Metro-Goldwyn-Mayer released Forbidden Planet on March 15, 1956. Fatal Planet was the original title of the screenplay Irving Block and Allen Adler wrote in 1952. They shelved the project for a few years until Cyril Hume revised the script, and gave it a name change. William Shakespeare fans will notice many similarities to his play The Tempest in which both the characters and the story’s isolated locale share many parallels.
Fred M. Wilcox, the man who gave us Lassie Come Home, Courage of Lassie, and The Secret Garden directed the film. They released the film in CinemaScope, and for some lucky theater goers, stereophonic sound popped out of the speakers!
Forbidden Planet starred Walter Pidgeon as Dr. Morbius, Anne Francis as Altaira Morbius, and Leslie Nielsen as Commander Adams. For those of you who only know Leslie Nielsen from spoofs like Airplane and The Naked Gun, you might be surprised to find that he originally started as a serious actor before becoming a master of deadpan comedy; this is one of those roles. Blink too fast, and you might miss The Love Boat’s Captain Merrill Stubing himself, Gavin MacLeod, in one of his first roles (uncredited) as Cookie.
The film begins with Commander Adams and his crew, landing on planet to investigate the disappearance of a prior expedition sent there decades ago. They discover everyone, sans Dr. Morbius and his daughter, Altaira, are dead. Unfortunately, an invisible monster appears from nowhere, and kills all in its path. It’s the same monster that killed the previous crew, but somehow, Dr. Morbius and his daughter have survived the creature all these years. However, Morbius soon reveals a secret which shows he isn’t as lucky as he seems, and that secret threatens Commander Adams and his entire crew.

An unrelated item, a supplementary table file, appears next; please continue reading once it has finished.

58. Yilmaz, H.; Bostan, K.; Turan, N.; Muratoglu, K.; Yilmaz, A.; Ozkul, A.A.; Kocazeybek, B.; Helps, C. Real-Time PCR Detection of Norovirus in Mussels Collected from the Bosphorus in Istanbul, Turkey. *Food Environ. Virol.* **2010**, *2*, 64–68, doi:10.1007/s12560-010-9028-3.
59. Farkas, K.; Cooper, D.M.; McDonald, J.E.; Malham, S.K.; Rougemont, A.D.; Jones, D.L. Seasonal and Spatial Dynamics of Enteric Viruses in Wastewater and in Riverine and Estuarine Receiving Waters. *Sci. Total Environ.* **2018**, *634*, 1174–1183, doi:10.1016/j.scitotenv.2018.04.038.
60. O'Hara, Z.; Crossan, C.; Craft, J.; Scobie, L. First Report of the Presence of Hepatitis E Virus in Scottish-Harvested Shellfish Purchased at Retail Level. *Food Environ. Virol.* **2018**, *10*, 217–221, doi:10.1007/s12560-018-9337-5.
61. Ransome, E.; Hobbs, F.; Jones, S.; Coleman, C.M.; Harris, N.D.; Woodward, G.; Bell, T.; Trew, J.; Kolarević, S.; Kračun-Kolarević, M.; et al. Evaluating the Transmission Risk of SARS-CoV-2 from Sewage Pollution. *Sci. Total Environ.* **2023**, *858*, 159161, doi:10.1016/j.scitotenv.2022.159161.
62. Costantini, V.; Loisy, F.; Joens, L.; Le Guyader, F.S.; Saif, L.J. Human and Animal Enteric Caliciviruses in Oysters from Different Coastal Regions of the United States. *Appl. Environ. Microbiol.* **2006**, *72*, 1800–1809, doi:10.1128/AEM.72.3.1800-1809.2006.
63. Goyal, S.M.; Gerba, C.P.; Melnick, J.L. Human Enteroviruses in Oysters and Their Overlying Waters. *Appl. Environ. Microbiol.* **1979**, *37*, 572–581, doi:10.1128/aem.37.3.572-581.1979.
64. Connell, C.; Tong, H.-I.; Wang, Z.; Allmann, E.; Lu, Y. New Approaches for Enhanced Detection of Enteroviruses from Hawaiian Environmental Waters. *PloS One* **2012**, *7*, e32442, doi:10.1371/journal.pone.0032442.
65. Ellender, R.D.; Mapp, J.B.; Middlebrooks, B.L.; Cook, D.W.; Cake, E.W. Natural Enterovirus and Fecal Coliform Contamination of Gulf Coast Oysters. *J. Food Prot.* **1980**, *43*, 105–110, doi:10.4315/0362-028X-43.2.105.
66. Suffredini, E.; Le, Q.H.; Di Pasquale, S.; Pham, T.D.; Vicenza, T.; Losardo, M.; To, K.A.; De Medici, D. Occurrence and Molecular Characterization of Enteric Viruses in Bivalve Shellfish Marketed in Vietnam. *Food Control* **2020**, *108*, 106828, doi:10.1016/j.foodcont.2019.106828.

Forbidden Planet is something of a space western, and overall, it has the feel of an extended episode of the Star Trek television show from the late 60s. That shouldn’t come as a shock when you realize this film influenced Gene Roddenberry tremendously.
Leslie Nielsen makes for a great commander—he probably would have made a great Captain James T Kirk too, and you won’t find yourself waiting for him to say something funny. He plays it straight, and it’s believable. Dr. Morbius is the antagonist, but even though his character at times feels like a cross between Ming the Merciless and Spock, you have a bit of sympathy for him in the end. Anne Francis’ Altaira Morbius plays the 1950s vixen well; she may or may not know the effect she has on men, but she enjoys the attention regardless.
Robbie the Robot, arguably the most popular artificial intelligence character of its day, takes center stage in this film as possibly the most advanced piece of human technology mankind has ever made in this film’s universe. You can still find Robbie popping up in films and television shows today; the most recent being 2014’s The Great Mistake of Dr. Miles.
The music in this film is quite unique. While I always thought the soundtrack was created with a theremin, in fact, one was not used on Forbidden Planet. Bebe and Louis Barron composed the electronic music score, credited as electronic tonalities, using an electronic circuit called a ring modulator.
This film holds up very well over the years. The special effects were great for their time, and are still effective by today’s standards—maybe a tad bit more humorous though. This film is a must see for all the science fiction fans out there as it’s still an hour and a half well spent.